Vaughan and Waymond Reed divorced in 1981.
Rebirth in the Seventies
Vaughan remained quite active as a performer during the 1980s and began receiving awards recognizing her contribution to American music and status as an important elder stateswoman of Jazz. In the Summer of 1980, Vaughan received a plaque on 52nd Street outside the CBS building commemorating the jazz clubs she had once frequented on "Swing Street" and which had long since been demolished and replaced with office buildings.
A performance of her symphonic Gershwin program with the New Jersey Symphony in 1980 was broadcast on PBS and won her an Emmy Award in 1981 for "Individual Achievement - Special Class". She was reunited with Michael Tilson Thomas for slightly modified version of the Gershwin program with the Los Angeles Philharmonic and the CBS Records recording, Gershwin Live! won Vaughan the Grammy award for Best Jazz Vocal Performance, Female. In 1985 Vaughan received a star on the Hollywood Walk of Fame. In 1988 Vaughan was inducted into American Jazz Hall of Fame.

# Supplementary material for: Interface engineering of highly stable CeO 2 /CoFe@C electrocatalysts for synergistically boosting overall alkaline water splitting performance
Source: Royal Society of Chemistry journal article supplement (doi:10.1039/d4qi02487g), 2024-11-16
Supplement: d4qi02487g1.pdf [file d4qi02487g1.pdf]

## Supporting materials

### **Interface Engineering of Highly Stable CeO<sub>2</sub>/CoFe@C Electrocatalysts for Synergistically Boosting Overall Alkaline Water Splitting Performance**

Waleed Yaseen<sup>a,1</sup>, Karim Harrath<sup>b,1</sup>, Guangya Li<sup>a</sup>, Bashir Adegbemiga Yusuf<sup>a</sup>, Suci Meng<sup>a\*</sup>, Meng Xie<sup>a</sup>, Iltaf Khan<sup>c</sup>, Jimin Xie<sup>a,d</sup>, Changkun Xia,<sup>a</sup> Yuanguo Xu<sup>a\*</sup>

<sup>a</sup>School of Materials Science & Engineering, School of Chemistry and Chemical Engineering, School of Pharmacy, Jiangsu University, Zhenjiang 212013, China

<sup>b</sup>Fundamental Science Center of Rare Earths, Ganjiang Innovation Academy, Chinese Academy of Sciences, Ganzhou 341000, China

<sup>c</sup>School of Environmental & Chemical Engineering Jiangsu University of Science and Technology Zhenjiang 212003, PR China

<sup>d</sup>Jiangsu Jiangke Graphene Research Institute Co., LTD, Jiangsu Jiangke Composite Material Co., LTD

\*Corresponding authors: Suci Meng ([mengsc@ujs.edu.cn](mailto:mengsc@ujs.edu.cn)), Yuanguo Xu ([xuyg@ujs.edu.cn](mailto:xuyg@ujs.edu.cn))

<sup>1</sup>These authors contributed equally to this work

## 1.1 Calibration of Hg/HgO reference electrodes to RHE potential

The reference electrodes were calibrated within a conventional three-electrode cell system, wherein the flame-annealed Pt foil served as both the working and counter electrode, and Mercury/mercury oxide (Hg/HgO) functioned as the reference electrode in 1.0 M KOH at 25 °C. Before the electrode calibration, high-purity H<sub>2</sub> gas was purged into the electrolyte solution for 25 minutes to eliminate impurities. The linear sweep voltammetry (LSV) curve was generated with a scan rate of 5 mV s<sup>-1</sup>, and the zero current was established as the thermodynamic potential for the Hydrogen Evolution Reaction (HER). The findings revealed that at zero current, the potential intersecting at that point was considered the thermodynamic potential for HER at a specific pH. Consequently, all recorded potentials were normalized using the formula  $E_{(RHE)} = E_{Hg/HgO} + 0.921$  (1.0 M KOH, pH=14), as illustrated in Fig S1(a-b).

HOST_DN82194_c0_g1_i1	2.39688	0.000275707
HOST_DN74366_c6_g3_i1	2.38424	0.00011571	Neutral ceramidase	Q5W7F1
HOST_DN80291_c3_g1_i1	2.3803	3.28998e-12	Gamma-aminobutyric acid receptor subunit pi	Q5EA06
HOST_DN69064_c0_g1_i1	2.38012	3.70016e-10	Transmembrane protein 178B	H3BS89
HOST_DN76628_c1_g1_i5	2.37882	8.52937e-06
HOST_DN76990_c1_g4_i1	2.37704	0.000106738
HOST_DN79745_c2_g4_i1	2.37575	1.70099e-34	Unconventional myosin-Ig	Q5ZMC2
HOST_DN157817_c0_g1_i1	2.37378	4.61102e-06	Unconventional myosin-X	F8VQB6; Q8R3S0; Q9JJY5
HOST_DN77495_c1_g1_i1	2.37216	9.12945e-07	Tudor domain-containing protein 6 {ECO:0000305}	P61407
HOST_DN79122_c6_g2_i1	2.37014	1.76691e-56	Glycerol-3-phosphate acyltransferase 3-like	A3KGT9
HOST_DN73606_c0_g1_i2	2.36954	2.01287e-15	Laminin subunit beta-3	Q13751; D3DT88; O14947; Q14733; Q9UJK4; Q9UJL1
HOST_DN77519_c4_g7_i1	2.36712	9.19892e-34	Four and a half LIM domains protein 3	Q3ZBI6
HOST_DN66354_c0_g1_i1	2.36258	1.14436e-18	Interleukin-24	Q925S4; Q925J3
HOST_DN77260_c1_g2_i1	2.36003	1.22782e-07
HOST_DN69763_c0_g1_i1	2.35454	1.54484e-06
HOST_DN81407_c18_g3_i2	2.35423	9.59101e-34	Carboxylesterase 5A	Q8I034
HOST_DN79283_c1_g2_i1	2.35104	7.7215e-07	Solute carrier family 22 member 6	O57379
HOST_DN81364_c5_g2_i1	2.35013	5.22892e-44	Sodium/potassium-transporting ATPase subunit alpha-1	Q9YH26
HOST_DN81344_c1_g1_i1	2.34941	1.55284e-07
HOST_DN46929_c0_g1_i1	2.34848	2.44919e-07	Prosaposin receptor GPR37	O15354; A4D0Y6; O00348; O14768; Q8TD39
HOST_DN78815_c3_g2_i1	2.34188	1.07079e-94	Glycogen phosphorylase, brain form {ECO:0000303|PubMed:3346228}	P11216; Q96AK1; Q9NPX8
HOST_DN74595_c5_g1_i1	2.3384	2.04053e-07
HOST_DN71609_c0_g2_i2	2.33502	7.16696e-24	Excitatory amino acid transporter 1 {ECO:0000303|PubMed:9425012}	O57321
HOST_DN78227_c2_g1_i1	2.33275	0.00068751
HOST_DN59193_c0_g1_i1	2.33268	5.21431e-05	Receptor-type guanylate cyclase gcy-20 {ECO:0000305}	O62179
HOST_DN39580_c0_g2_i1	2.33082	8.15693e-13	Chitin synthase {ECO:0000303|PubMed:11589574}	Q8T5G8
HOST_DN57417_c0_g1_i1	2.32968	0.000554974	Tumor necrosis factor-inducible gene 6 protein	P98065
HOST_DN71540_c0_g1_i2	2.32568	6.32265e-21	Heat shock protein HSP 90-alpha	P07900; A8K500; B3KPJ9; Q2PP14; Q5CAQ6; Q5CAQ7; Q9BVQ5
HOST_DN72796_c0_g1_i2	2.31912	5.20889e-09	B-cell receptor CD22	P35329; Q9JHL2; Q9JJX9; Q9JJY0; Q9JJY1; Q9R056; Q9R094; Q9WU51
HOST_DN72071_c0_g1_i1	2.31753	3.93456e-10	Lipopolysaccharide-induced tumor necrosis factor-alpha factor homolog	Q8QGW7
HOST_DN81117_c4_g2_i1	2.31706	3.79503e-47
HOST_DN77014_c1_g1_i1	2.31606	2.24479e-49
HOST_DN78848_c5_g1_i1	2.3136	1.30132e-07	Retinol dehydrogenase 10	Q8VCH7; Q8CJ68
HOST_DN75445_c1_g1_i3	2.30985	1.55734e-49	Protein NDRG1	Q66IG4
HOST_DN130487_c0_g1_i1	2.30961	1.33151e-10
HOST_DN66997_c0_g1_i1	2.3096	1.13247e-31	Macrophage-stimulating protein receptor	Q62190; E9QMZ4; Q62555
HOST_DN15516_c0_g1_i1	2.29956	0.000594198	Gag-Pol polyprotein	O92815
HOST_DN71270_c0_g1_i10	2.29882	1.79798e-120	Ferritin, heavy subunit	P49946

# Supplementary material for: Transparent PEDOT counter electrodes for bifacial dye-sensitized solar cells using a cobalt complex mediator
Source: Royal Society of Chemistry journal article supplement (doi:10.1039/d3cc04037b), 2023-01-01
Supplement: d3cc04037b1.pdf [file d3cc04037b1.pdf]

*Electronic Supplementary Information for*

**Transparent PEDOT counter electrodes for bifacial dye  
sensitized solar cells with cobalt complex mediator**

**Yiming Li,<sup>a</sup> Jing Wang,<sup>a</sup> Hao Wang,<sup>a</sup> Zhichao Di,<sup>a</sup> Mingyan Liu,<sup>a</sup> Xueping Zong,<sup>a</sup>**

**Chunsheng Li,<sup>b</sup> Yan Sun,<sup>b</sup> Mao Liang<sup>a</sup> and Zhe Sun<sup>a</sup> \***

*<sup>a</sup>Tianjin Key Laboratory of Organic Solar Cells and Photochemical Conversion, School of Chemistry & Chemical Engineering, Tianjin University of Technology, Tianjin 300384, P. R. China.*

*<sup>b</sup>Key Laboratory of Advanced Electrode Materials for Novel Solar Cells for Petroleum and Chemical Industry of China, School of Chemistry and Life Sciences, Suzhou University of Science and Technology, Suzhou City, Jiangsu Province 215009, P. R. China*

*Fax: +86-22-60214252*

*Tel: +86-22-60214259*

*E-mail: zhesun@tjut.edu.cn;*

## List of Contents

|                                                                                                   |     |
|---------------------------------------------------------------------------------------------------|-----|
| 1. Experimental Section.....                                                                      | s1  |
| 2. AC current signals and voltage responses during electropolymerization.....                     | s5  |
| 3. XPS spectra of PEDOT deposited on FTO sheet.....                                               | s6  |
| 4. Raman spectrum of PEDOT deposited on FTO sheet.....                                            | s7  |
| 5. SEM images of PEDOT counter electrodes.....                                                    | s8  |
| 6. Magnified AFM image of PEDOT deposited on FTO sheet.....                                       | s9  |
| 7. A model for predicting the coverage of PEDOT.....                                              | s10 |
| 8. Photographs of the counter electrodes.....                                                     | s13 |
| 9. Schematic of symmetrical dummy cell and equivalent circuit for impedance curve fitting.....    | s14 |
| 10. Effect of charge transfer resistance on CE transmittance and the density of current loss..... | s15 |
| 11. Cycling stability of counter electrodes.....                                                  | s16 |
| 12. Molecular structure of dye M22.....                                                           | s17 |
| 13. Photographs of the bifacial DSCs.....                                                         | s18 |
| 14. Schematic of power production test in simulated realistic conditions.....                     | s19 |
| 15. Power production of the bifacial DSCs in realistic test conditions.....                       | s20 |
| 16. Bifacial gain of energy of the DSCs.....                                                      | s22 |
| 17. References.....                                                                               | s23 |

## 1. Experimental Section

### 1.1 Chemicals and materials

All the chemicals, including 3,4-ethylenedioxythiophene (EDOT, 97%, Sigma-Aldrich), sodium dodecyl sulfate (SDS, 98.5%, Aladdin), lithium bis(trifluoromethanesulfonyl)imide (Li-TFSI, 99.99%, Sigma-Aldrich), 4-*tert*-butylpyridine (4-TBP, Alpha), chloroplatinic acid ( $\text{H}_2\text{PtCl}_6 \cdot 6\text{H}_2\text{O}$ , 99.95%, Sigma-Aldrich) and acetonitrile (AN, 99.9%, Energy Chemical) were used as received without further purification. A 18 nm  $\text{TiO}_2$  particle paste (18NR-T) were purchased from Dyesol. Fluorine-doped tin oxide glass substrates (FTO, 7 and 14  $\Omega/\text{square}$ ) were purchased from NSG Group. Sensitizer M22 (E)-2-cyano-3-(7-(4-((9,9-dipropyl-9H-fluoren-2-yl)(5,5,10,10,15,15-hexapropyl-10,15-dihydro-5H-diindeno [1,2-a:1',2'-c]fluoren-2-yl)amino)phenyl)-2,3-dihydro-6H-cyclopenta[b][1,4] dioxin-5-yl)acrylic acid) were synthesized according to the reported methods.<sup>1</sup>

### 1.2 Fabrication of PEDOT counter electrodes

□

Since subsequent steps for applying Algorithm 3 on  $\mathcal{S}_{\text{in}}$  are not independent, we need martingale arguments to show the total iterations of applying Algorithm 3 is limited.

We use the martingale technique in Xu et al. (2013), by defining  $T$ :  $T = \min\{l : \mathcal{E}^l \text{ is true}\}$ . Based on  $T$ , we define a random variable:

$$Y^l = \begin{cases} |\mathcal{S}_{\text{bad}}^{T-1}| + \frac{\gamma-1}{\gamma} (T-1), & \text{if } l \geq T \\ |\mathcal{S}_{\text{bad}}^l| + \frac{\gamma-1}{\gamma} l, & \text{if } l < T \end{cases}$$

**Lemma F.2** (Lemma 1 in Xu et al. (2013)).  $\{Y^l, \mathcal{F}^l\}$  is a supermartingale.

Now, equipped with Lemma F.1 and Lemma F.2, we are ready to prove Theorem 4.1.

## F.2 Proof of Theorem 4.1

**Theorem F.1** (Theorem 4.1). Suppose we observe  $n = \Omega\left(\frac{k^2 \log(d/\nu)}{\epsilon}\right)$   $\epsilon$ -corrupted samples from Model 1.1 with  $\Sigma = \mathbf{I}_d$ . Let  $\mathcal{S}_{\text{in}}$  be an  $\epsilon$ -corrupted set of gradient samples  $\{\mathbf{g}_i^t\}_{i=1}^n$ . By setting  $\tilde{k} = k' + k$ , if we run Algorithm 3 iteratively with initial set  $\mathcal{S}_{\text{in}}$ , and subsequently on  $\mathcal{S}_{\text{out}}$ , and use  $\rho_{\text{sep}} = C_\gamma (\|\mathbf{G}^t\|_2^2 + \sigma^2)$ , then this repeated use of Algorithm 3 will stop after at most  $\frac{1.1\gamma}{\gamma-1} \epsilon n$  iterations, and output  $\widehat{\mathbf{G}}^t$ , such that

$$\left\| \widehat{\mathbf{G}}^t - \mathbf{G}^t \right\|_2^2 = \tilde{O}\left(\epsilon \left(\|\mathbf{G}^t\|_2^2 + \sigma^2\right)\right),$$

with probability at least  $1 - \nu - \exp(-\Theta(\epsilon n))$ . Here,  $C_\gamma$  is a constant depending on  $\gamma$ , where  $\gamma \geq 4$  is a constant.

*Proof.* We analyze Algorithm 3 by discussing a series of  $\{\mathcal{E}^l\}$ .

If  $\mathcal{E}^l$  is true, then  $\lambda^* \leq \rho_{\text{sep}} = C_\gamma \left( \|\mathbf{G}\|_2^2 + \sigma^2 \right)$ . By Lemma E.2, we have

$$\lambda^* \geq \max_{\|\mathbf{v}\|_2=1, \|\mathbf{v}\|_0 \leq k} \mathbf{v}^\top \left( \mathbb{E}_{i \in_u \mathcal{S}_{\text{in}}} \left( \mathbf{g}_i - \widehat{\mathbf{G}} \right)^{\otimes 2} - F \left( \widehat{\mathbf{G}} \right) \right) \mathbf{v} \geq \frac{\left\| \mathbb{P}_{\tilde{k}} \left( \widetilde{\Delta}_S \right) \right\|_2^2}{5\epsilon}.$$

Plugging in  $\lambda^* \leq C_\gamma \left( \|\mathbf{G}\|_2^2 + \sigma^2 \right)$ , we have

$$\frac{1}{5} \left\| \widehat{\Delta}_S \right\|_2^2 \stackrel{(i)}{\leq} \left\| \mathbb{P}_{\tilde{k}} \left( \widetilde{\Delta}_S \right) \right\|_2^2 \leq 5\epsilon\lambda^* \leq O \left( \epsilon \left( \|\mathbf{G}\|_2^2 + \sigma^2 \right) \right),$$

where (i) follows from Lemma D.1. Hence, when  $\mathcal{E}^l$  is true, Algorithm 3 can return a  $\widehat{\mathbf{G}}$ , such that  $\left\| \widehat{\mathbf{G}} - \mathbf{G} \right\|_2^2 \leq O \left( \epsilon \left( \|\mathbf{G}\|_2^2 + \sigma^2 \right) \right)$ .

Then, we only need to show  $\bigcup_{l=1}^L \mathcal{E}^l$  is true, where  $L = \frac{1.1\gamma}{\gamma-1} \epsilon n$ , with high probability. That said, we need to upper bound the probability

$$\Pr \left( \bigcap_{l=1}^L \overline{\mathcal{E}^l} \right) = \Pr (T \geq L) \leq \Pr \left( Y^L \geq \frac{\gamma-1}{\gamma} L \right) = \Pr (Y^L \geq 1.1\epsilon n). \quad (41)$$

After the conclusion of her Pablo contract in 1982, Vaughan did only a limited amount studio recording. Vaughan made a guest appearance in 1984 on Barry Manilow's 2:00 AM Paradise Cafe, an odd album of original pastiche compositions that featured a number of established jazz artists. In 1984 Vaughan participated in one of the more unusual projects of her career, The Planet is Alive, Let It Live a symphonic piece composed by Tito Fontana and Sante Palumbo on Italian translations of Polish poems by Karol Wytola, the future Pope John Paul II. The recording was made in Germany with an English translation by writer Gene Lees and was released by Lees on his own private label after the recording was turned down by the major labels. In 1986, Vaughn sang two songs, "Happy Talk" and "Bali Ha'i", in the role of Bloody Mary on an otherwise stiff studio recording by opera stars Kiri Te Kanawa and Jose Carreras of the score of the Broadway musical South Pacific, while sitting on the studio floor.